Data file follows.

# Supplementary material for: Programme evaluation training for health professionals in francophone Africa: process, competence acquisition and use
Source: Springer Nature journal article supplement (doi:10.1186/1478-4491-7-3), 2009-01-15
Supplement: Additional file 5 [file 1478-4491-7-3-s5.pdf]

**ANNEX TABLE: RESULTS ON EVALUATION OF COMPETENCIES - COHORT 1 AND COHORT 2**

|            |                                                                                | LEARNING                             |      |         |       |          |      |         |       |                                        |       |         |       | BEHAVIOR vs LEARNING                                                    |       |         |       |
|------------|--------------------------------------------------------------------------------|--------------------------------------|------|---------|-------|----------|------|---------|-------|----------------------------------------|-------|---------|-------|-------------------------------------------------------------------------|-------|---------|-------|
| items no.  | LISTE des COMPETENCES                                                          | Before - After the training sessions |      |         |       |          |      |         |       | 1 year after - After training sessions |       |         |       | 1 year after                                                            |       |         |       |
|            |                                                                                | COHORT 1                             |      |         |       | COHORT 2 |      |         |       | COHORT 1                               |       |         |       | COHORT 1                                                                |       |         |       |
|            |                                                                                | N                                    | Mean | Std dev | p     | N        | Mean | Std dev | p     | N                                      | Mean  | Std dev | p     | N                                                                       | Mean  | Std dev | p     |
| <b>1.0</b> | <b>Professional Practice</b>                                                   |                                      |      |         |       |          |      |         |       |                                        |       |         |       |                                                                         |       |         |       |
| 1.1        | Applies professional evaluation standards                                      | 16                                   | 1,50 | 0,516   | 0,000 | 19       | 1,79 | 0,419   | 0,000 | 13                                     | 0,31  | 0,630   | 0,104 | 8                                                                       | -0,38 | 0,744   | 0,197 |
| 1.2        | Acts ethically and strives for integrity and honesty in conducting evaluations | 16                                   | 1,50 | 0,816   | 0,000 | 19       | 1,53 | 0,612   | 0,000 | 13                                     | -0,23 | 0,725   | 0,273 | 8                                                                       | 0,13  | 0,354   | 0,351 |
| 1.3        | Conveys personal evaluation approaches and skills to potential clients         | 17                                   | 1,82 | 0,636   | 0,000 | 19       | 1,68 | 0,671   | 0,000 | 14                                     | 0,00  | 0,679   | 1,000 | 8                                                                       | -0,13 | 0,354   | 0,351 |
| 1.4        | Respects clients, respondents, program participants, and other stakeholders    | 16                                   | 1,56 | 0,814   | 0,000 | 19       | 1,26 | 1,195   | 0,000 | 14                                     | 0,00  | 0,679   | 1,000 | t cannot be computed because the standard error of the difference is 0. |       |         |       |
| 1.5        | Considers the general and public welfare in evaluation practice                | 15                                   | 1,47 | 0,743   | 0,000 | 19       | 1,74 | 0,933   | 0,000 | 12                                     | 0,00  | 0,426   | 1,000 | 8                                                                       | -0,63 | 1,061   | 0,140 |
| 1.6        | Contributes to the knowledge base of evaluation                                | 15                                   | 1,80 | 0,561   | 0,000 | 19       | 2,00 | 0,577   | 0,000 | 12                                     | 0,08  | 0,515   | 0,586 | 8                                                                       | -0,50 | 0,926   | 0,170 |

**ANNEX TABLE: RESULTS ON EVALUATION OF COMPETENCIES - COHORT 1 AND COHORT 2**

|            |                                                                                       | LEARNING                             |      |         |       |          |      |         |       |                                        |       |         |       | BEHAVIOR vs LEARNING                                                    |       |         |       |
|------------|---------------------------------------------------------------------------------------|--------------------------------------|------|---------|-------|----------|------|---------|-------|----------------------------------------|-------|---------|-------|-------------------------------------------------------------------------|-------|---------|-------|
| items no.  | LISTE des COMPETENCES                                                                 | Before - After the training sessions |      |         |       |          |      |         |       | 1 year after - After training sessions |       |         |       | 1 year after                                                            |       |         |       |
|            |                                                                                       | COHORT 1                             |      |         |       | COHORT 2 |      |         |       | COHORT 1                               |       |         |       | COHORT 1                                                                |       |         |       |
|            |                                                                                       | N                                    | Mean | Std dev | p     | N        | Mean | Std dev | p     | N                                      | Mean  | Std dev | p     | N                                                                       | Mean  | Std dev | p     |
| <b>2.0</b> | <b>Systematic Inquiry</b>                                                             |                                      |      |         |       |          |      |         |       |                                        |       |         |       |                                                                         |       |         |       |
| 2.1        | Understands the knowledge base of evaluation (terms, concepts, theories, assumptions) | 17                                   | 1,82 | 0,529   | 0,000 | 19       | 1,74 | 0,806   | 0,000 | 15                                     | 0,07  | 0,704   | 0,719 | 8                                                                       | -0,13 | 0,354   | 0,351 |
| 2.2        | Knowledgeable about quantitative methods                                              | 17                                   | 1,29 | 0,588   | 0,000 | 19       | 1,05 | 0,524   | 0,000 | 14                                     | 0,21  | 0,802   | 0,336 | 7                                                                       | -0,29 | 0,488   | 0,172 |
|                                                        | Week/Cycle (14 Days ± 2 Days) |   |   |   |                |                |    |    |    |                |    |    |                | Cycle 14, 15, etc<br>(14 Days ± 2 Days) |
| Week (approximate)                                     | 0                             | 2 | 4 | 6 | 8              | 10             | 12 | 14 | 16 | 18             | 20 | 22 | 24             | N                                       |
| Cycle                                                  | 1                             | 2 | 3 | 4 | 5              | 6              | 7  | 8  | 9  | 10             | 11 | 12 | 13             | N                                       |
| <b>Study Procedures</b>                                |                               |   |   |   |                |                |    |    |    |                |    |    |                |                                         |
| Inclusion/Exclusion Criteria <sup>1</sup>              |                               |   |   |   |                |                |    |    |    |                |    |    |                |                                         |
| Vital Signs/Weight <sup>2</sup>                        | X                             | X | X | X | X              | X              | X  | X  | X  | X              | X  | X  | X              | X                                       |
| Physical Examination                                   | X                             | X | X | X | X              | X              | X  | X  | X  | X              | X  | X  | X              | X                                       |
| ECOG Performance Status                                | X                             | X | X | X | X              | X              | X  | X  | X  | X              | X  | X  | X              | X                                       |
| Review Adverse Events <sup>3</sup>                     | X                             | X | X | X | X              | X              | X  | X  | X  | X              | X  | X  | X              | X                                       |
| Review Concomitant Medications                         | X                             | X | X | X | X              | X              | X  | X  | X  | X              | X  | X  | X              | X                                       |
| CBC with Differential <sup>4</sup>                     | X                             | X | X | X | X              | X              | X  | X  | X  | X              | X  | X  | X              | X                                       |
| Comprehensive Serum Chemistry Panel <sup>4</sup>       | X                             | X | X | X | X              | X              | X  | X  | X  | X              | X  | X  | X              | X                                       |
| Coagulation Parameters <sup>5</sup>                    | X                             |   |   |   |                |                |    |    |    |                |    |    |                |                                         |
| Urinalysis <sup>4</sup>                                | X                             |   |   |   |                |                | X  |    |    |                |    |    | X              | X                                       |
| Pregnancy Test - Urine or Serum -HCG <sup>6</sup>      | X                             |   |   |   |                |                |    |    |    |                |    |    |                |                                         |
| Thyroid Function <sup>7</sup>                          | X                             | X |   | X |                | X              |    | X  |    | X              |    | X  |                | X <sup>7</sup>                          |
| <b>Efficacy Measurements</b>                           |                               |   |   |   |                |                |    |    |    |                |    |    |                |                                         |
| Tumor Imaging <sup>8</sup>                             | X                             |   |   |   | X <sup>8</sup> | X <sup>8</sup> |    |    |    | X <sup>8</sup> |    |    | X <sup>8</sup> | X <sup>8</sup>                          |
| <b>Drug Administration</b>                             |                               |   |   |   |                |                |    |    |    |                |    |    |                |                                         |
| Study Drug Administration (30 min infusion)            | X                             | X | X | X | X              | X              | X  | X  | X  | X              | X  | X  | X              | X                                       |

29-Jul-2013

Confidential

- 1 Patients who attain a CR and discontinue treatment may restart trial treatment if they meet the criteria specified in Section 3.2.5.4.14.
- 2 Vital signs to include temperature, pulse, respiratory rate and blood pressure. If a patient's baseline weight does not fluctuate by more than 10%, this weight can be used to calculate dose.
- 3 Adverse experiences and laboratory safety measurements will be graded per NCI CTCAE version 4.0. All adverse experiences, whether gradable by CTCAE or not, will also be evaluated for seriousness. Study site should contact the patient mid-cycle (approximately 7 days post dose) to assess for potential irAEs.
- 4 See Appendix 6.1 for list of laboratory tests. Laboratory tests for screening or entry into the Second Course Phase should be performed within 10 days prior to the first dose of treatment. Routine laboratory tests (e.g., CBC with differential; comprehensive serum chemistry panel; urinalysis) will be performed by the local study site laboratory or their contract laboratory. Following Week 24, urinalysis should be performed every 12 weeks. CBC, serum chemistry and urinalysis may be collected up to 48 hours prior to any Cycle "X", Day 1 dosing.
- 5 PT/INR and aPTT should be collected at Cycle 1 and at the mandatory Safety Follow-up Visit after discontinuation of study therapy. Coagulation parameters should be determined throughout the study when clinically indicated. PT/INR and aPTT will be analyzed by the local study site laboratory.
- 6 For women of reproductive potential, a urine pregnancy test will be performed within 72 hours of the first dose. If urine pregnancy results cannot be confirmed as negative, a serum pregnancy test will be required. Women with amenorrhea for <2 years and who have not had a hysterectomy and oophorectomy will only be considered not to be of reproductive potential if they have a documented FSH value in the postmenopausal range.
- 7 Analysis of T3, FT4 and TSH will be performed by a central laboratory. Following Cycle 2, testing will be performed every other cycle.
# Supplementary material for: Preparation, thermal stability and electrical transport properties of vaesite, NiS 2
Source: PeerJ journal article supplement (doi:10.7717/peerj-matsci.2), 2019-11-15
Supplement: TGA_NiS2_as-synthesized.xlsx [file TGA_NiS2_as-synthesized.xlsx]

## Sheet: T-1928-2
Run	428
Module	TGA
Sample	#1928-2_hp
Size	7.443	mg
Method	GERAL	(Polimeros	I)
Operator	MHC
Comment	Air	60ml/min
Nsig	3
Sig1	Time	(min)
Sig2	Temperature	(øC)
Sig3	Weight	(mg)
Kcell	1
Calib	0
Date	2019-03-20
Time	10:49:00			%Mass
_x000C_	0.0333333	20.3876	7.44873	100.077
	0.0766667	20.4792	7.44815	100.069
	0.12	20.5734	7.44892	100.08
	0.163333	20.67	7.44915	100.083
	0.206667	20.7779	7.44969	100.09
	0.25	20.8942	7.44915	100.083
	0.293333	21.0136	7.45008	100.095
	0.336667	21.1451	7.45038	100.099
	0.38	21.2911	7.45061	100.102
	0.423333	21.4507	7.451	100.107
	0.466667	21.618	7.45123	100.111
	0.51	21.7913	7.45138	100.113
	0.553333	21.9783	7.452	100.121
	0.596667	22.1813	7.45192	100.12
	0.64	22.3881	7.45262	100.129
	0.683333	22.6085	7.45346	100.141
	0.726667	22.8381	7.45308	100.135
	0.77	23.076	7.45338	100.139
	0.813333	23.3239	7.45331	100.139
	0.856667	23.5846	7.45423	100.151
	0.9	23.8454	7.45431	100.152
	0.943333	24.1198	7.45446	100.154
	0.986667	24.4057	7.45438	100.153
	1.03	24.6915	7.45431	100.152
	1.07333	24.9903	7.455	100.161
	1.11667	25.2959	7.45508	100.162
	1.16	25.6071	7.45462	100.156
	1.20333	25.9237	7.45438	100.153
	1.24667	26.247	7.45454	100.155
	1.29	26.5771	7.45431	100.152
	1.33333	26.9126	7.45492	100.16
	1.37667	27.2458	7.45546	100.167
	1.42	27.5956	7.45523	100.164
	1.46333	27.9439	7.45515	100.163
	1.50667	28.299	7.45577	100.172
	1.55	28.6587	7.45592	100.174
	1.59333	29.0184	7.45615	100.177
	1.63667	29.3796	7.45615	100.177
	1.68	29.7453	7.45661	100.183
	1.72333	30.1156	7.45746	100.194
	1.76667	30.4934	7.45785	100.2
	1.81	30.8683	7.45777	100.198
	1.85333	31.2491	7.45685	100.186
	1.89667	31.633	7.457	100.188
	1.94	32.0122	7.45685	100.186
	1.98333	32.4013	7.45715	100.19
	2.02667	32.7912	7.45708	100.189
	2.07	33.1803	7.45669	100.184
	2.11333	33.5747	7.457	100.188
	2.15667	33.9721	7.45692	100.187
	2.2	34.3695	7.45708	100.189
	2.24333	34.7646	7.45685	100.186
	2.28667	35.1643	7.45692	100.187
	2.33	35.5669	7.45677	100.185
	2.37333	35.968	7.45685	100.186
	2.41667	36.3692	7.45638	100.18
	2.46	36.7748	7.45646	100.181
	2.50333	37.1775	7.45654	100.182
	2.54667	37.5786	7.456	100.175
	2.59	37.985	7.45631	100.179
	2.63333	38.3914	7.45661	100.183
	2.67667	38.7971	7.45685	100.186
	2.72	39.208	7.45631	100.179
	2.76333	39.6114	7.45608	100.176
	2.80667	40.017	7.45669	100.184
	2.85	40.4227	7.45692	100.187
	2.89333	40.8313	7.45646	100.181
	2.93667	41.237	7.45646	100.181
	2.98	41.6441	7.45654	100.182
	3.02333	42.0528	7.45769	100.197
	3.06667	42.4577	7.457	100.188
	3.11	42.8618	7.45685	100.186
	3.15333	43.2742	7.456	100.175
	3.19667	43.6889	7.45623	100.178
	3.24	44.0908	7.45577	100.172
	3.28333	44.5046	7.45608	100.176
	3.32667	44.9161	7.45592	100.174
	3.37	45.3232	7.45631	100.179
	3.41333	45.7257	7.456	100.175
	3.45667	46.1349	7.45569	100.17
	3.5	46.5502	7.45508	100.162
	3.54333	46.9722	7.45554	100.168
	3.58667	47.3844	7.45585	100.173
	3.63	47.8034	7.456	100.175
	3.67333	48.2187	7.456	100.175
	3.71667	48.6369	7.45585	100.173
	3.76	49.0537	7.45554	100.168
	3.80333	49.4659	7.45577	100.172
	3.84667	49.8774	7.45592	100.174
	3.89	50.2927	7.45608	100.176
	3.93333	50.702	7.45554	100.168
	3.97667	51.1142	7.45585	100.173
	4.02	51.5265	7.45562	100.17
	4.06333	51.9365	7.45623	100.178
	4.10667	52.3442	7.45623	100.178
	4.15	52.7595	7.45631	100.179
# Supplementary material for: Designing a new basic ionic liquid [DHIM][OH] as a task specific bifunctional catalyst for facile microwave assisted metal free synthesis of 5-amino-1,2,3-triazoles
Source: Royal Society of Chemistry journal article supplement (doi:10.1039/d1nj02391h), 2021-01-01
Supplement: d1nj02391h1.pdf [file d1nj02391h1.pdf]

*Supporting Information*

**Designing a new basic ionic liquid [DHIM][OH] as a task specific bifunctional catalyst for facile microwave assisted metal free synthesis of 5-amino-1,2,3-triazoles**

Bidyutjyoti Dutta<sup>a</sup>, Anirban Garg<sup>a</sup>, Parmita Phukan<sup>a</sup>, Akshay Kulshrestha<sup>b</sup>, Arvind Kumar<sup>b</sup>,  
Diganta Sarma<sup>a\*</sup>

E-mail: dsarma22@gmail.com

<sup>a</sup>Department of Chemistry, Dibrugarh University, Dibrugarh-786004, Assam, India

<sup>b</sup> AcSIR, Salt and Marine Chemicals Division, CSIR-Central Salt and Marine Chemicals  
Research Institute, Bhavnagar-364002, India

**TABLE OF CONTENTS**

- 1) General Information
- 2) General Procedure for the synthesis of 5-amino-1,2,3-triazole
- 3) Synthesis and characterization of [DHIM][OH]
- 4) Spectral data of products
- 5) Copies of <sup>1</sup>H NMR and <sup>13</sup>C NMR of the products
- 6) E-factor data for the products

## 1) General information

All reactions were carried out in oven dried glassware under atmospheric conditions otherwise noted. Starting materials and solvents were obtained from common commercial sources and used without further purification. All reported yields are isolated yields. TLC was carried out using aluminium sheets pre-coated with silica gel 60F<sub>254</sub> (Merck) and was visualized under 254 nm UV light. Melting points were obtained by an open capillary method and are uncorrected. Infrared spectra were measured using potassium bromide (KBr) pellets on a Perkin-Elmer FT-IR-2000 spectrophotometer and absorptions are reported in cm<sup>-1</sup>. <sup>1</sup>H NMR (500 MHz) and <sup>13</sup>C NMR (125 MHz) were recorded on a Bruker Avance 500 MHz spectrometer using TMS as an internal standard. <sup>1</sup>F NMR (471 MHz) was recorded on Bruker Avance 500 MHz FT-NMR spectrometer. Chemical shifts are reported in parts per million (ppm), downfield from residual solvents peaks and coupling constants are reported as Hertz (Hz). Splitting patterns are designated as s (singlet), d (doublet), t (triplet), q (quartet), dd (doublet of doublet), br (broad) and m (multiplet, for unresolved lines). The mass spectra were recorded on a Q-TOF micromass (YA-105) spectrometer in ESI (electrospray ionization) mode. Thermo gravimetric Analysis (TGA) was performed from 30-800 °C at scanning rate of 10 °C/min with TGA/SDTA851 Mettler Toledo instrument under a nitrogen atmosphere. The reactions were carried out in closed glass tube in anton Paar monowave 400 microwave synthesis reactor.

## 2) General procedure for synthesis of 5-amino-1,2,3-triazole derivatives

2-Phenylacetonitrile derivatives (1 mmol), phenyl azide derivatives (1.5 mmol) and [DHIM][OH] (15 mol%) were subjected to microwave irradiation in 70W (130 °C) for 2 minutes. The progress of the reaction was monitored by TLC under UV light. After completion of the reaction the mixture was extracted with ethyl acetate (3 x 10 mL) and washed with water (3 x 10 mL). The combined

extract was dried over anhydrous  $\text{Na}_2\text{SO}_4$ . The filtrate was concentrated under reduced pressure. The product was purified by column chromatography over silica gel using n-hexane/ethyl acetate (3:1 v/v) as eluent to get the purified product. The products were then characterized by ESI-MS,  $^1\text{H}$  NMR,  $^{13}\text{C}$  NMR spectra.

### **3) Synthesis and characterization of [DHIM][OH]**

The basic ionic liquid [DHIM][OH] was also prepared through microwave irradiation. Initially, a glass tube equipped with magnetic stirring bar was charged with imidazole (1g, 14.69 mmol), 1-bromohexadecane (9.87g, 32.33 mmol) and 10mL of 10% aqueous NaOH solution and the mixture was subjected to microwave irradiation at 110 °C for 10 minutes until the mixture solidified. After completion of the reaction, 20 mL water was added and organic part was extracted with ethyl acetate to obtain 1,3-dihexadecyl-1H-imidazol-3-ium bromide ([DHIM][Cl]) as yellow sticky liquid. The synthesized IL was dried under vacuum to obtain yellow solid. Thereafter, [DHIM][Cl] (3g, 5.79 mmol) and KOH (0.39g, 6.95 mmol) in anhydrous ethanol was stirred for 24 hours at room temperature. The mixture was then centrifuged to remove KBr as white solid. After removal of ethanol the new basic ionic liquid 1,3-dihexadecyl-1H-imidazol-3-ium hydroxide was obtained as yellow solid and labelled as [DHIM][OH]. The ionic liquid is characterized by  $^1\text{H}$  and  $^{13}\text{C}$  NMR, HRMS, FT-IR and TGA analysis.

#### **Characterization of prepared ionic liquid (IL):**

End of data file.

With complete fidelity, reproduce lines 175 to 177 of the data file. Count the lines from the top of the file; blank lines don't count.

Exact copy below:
Bidyutjyoti Dutta<sup>a</sup>, Anirban Garg<sup>a</sup>, Parmita Phukan<sup>a</sup>, Akshay Kulshrestha<sup>b</sup>, Arvind Kumar<sup>b</sup>,  
Diganta Sarma<sup>a\*</sup>

E-mail: dsarma22@gmail.com